You may experience some extra or missed heart beats in the days and weeks after an ablation- these are quite common and may last for a few months. However, if you experience persistent palpitations, please inform your doctor.

Preparing for the EP and Ablation Procedure

You may be asked to stop taking certain tablets before you come into hospital for the ablation. This is to obtain the most accurate results. An electrocardiogram (ECG) will be taken on the ward. It is possible that a blood test and a chest x-ray are also needed.

You will be seen by a doctor before the EP study and ablation, who will explain what the procedure involves and any risks or complications associated with the procedure. This is a good time to ask any questions or explain any worries that you may have.  When you feel that you have a good understanding of the procedure, the doctor will ask you to sign a consent form.

It is important to have an empty stomach prior to the procedure, therefore you will be asked to have nothing to eat or drink for at least four hours beforehand. A small sip of water before the procedure with any other tablets you are talking is alright. If you wear dentures these can remain in place providing that are well fitting.

The cardiology attendant will transport you to the Electrophysiology laboratory where the procedure takes place.

The EP Study and Ablation Procedure

Your ward nurse will go with you and introduce you to the Catheter laboratory staff. You will be taken to the room where the study will take place. There will also be a doctor, technologists, nurses and a radiographer present. Once you are lying on the bed the technologists will explain the procedure and equipment in the room and place ECG electrodes on your chest, RF dispersion patches on your back, and an oxygen saturation monitor on your finger, so that you can be monitored and observed throughout the study. You may, or may not, also be attended by an Anaesthetist.

A small cannula (like needle) will be inserted into a vein in your arm so that drugs can be easily given during the study (IV). It is not unusual to feel a little tense or anxious, and therefore, a sedative may be given into the cannula in your arm.  Your right groin will be cleaned with iodine anaesthetic solution and local anaesthetic injected into these areas. The local anaesthetic will cause a stinging sensation for a few seconds and then the area will feel numb.

The wires required to record electrical signals from within the heart will then be inserted through fine plastic tubes in your groin. This should not cause you any pain, but if there is some discomfort, please let the doctor or nurse know. The wires are positioned using x-ray equipment that lies above your chest. As with all x-rays, if there is any chance that you are pregnant, please let the doctor or nurse know before the procedure begins. The staff in the room will wear protective lead aprons. This is because they are exposed to x-rays everyday, however the dose of x-rays that you receive is small and protective clothing is not necessary.

Once the wires are positioned the doctor will look at your heart rhythm disturbance by recording the electrical signals on a computer. A special machine (an artificial pacemaker) is used to give the heart small electrical impulses to make the heart beat at different rates. You may be aware of your heart racing or missing beats, but it is the doctor and technologist doing this and you should not be worried. However, if you feel uncomfortable, please let the doctor or nurse know how you feel. They may ask you if you feel light-headed, faint or short of breath. It is usually possible to stop fast rhythm with the artificial pacemaker, which can be done quickly if you feel unwell.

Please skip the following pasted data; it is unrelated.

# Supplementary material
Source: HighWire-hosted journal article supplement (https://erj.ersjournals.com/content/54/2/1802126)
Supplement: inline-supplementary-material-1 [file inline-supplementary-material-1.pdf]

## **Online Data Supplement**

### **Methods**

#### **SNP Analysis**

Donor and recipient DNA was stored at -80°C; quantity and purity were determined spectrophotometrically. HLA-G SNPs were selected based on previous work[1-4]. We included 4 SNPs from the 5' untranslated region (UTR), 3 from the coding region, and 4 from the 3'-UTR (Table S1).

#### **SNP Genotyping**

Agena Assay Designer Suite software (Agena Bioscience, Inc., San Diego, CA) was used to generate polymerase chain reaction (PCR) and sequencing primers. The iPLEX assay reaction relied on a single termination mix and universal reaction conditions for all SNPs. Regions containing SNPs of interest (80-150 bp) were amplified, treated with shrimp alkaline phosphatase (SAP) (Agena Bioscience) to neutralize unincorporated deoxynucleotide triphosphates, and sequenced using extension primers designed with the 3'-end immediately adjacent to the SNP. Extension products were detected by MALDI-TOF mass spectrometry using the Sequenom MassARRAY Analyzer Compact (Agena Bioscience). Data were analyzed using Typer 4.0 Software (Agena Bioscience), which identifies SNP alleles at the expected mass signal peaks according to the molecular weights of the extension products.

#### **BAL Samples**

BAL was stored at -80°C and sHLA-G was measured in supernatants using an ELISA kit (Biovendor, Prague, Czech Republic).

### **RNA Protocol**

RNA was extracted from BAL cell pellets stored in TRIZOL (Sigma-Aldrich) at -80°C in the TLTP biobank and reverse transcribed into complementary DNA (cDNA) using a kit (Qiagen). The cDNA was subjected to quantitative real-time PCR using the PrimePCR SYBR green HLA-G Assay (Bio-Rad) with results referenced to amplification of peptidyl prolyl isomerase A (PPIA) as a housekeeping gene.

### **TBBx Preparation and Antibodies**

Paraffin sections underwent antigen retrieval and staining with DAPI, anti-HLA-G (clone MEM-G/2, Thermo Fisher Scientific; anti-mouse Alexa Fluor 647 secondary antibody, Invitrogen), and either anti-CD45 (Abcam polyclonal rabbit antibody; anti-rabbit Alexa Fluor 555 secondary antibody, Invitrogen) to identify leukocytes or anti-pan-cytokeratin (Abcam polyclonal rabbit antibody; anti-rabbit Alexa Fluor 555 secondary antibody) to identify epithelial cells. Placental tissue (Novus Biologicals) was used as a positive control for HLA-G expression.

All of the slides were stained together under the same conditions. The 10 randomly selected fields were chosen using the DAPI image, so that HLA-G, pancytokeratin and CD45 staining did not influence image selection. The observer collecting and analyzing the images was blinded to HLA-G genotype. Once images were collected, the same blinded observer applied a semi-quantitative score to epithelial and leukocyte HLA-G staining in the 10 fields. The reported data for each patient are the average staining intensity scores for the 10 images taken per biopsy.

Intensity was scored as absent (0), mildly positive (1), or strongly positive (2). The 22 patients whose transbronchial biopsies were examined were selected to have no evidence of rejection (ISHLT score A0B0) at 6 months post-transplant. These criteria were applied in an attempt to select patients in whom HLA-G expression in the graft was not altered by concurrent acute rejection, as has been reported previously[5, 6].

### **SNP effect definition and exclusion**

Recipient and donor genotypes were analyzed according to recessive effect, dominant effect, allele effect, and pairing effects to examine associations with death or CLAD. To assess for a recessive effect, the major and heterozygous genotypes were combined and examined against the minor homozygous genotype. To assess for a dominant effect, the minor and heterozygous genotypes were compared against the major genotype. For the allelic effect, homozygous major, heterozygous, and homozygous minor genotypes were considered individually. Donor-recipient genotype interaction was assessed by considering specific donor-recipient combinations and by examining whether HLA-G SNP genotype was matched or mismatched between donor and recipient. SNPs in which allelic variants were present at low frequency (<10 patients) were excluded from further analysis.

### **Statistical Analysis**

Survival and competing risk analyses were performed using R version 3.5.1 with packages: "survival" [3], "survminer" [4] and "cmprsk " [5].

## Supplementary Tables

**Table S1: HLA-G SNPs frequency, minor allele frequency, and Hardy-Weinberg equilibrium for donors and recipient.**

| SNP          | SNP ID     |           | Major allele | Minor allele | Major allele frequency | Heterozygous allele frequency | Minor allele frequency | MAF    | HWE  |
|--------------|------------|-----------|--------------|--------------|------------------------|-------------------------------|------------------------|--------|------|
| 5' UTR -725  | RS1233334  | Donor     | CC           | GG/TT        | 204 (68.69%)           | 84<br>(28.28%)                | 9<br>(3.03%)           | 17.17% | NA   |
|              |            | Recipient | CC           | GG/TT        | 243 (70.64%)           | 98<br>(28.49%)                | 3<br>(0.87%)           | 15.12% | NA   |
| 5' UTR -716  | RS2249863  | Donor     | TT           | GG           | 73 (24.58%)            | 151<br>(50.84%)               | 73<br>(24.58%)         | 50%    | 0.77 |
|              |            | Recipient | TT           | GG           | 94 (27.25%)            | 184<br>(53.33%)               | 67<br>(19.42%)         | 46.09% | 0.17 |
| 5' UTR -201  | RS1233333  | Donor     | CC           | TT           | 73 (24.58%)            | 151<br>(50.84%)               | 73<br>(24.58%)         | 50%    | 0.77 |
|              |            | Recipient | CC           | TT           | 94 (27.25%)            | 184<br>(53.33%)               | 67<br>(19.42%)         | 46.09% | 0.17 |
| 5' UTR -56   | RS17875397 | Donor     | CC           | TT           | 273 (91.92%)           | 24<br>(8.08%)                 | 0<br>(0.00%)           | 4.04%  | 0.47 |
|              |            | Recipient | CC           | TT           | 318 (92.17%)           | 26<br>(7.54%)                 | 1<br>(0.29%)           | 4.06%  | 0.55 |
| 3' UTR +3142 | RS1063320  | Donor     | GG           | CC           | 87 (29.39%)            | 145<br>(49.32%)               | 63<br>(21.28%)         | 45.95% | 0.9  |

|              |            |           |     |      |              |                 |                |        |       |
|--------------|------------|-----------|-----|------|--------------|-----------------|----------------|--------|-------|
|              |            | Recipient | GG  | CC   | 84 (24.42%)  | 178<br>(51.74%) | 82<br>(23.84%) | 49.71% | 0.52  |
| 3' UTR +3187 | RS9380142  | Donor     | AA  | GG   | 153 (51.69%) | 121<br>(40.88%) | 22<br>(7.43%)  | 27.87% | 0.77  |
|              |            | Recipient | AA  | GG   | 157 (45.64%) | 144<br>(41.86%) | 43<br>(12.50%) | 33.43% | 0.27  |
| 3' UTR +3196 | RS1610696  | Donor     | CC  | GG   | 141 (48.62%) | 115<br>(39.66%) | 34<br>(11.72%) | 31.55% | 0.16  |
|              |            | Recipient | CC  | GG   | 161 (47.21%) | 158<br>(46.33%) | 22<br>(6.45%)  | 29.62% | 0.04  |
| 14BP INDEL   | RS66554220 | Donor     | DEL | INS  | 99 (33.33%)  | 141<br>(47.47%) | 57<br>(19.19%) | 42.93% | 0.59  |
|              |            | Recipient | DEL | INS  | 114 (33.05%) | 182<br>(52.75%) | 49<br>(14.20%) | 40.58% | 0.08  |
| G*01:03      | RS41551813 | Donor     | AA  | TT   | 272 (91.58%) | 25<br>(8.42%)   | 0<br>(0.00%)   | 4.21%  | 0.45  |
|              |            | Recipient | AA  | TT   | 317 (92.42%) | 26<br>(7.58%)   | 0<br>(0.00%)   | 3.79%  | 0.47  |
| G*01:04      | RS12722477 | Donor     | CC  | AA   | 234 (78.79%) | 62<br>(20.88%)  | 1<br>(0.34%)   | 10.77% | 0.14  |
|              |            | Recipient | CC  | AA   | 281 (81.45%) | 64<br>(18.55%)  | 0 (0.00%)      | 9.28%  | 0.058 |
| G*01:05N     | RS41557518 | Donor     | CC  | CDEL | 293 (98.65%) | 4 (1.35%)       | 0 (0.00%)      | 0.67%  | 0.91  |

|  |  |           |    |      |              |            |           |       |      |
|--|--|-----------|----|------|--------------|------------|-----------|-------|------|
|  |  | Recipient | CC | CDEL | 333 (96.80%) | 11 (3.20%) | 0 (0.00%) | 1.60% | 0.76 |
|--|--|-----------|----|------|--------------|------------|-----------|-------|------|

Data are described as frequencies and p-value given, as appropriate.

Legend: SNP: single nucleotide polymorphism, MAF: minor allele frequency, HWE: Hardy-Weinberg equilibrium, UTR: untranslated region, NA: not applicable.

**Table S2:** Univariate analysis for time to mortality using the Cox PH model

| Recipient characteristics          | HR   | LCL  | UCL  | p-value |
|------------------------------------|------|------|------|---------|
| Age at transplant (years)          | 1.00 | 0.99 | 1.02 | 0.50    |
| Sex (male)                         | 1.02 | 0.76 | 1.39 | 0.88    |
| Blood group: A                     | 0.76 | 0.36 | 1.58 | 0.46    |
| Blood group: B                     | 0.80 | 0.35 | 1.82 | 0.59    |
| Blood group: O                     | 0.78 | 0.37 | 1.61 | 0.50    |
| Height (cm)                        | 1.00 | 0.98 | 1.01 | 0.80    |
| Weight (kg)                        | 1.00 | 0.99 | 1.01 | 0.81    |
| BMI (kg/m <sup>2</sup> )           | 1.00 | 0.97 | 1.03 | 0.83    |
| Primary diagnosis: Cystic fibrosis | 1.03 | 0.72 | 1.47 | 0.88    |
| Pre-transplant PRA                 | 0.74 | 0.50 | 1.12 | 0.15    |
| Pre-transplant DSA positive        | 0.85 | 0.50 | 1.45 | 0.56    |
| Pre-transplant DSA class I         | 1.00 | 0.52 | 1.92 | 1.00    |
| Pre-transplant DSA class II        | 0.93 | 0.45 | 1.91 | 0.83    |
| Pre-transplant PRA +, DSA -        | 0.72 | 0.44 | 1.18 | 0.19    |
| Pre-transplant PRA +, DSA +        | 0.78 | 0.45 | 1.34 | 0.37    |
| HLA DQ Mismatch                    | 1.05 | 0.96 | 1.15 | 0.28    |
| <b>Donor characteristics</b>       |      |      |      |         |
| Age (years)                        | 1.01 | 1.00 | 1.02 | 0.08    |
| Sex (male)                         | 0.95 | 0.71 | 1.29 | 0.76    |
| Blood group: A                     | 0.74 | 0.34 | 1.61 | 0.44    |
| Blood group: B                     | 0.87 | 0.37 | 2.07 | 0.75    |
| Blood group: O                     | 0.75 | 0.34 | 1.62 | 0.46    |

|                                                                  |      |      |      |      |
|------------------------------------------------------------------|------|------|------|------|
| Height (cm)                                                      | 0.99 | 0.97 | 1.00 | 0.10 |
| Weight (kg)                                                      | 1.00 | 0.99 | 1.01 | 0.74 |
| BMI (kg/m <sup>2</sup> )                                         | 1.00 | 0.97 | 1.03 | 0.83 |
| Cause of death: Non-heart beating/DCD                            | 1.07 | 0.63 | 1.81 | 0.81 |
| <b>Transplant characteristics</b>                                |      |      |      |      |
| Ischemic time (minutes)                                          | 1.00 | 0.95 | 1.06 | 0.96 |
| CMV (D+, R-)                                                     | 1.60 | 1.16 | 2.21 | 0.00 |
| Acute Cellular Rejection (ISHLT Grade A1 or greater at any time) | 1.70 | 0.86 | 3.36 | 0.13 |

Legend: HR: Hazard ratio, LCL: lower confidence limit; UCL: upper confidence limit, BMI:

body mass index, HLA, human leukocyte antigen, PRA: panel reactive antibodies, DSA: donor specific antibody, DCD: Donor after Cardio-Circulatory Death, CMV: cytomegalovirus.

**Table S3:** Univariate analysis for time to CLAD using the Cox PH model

In some cases, the rapid heart rhythm disturbances may be continued. You may actually pass out, but this will be for an extremely short period of time. A small electric shock may be required to restore your normal rhythm. Although it may be frightening to think about these aspects of the procedure, most patients do not report experiencing any pain. Some people do not even realise that they have passed out.

Not everyone passes out, but there is no way of predicting if this will happen. If it does happen, when you first wake up you may not know where you are or what happened. Be assured, staff will be right at your side to comfort and reassure you.

At this time, your doctor may prescribe a medication to control your irregular rhythm. This drug will be given through your IV. During this time your blood pressure will be checked. Once an adequate amount of drug has been given, the doctor will then check to see how effective it is for you.

If the cause of your palpitations are due to an extra electrical pathway or connection, your doctor will identify the exact location of extra electrical activity and radio-frequency energy will be applied using a special machine. This usually does not cause pain. It is often necessary to deliver several amounts of energy to ensure complete destruction of the extra pathway, and there is usually a waiting time of up to half an hour to ensure that the procedure has been successful.

When the EP study has been completed, which usually takes 2-4 hours, the doctor will remove the catheters. To prevent bleeding, pressure will be applied to the catheter insertion site for 5-10 minutes. A small sterile dressing will be applied which can be removed later. No stitches are required. The results of the test may be discussed with you in the lab or after you have returned to your room. Don't be afraid to ask questions.